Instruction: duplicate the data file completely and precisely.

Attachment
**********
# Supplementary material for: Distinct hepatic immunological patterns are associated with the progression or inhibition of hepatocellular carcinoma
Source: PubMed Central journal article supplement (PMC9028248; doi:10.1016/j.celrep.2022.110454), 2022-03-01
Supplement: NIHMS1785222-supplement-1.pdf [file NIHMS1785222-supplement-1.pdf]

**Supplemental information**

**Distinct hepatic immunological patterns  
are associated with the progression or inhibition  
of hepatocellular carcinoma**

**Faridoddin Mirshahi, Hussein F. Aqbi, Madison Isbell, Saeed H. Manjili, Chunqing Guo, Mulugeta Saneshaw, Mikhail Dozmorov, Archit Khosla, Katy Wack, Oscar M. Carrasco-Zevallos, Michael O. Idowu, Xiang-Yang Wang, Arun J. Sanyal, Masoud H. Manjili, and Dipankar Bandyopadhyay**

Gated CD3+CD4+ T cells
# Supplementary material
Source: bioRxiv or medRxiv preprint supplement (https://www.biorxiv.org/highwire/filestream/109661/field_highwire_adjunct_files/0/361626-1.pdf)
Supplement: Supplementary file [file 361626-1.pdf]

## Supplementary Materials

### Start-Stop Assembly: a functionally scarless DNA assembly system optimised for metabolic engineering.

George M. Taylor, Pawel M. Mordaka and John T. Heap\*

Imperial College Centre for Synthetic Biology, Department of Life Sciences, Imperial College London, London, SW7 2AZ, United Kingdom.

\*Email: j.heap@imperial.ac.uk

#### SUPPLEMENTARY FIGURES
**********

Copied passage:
# Supplementary material for: Distinct hepatic immunological patterns are associated with the progression or inhibition of hepatocellular carcinoma
Source: PubMed Central journal article supplement (PMC9028248; doi:10.1016/j.celrep.2022.110454), 2022-03-01
Supplement: NIHMS1785222-supplement-1.pdf [file NIHMS1785222-supplement-1.pdf]

**Supplemental information**

**Distinct hepatic immunological patterns  
are associated with the progression or inhibition  
of hepatocellular carcinoma**

**Faridoddin Mirshahi, Hussein F. Aqbi, Madison Isbell, Saeed H. Manjili, Chunqing Guo, Mulugeta Saneshaw, Mikhail Dozmorov, Archit Khosla, Katy Wack, Oscar M. Carrasco-Zevallos, Michael O. Idowu, Xiang-Yang Wang, Arun J. Sanyal, Masoud H. Manjili, and Dipankar Bandyopadhyay**

Gated CD3+CD4+ T cells
# Supplementary material
Source: bioRxiv or medRxiv preprint supplement (https://www.biorxiv.org/highwire/filestream/109661/field_highwire_adjunct_files/0/361626-1.pdf)
Supplement: Supplementary file [file 361626-1.pdf]

## Supplementary Materials

### Start-Stop Assembly: a functionally scarless DNA assembly system optimised for metabolic engineering.

George M. Taylor, Pawel M. Mordaka and John T. Heap\*

Imperial College Centre for Synthetic Biology, Department of Life Sciences, Imperial College London, London, SW7 2AZ, United Kingdom.

\*Email: j.heap@imperial.ac.uk

#### SUPPLEMENTARY FIGURES